Lynott’s mother Philomena and Lord Mayor of Dublin Catherine Byrne did the honors as fellow rockers, friends of the star and around 5,000 fans from Ireland and abroad looked on.
A roar went up from the crowd as the black veil covering the statue fell away, revealing a smirking Lynott, leaning on his guitar with collar upturned and sporting his trademark hoop earring.
“It is the proudest day in my life. For over 20 years I have been looking forward to it,” said Lynott’s mother Philomena, speaking to the crowd.
“I am happy with the statue, I love it. I love him forever and I will miss him forever. Life is awful without him but knowing all these people are loving him the way they do, they are like a big woolly cloak around me.”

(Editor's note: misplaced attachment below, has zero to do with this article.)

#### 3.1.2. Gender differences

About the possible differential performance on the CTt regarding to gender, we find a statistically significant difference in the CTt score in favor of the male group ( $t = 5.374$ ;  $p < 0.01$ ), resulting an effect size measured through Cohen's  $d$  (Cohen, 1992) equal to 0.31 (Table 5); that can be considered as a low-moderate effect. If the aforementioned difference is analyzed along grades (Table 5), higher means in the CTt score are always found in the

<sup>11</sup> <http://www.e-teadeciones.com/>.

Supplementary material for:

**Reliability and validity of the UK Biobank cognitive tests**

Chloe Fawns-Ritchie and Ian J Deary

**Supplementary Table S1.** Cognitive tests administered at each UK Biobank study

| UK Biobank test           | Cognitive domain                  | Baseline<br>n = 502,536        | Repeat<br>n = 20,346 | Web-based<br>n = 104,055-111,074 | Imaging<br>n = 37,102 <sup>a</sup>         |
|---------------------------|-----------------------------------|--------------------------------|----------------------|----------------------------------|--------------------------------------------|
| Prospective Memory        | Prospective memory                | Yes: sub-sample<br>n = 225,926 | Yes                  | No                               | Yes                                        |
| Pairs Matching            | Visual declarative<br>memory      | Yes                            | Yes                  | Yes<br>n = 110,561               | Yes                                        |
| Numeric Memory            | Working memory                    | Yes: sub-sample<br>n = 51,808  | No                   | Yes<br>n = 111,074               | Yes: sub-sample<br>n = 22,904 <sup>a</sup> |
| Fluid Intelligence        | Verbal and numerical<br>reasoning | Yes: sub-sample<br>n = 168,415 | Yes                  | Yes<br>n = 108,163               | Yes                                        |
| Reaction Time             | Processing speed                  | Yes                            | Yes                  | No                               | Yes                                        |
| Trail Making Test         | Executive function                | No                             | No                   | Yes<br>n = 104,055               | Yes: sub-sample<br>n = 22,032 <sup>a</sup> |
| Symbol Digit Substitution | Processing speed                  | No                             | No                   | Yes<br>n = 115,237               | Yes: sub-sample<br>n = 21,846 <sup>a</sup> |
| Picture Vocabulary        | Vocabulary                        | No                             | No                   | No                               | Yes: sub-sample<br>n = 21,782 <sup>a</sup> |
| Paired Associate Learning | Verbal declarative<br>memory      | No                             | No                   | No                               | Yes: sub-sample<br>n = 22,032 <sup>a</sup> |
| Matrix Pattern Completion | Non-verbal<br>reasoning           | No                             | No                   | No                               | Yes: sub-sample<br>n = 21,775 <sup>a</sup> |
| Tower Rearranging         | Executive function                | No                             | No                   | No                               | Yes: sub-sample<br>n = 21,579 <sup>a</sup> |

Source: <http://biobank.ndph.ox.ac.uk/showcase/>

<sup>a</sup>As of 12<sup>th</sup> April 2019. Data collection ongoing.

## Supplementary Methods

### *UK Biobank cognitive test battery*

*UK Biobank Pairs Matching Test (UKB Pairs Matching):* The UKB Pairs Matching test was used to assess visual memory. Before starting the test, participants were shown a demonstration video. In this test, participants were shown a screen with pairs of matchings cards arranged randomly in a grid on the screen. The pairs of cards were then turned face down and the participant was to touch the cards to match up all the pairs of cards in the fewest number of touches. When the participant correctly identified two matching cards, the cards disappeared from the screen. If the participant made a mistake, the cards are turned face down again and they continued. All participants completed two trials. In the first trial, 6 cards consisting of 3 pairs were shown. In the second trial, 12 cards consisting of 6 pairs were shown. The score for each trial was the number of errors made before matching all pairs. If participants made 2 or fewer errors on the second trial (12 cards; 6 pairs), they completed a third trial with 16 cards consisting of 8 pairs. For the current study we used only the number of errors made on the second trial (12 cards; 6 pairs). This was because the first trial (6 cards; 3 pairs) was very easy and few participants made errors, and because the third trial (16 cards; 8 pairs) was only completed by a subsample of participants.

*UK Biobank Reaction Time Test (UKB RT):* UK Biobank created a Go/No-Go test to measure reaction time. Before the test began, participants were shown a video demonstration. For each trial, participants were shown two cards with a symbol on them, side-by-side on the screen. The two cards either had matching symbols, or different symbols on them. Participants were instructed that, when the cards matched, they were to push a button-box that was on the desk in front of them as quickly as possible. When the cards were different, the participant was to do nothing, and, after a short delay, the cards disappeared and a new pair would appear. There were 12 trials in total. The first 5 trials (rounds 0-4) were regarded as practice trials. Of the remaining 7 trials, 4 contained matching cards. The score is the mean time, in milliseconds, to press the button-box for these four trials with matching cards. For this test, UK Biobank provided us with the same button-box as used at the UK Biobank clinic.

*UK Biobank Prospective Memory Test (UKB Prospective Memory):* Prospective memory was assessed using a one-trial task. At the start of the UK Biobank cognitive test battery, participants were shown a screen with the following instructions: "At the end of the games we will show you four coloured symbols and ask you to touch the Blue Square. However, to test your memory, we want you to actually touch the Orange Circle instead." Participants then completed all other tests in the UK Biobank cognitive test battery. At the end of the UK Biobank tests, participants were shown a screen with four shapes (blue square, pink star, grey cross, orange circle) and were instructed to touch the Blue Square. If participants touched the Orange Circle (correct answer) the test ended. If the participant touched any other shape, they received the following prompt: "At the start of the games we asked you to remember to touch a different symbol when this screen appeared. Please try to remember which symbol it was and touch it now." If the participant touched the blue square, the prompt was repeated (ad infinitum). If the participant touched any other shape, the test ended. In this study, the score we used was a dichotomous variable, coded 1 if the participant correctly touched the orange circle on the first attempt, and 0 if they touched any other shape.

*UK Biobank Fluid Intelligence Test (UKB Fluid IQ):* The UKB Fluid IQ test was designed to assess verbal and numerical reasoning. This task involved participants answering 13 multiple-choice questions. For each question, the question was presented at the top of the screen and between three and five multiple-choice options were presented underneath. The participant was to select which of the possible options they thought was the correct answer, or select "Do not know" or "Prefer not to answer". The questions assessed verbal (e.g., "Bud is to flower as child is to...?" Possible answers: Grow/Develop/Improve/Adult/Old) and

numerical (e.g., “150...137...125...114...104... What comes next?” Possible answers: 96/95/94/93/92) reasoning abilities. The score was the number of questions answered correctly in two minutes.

Lynnott’s bandmate and former Whitesnake guitarist John Sykes was “devastated” not to be able to attend due to commitments in the U.S. but said he would be there “in spirit.”
The unveiling took place on the eve of Lynott’s 56th birthday, which was marked by a concert at the Point Theatre, with performances from Gary Moore, Brush Sheils, Wheatus and Therapy among others.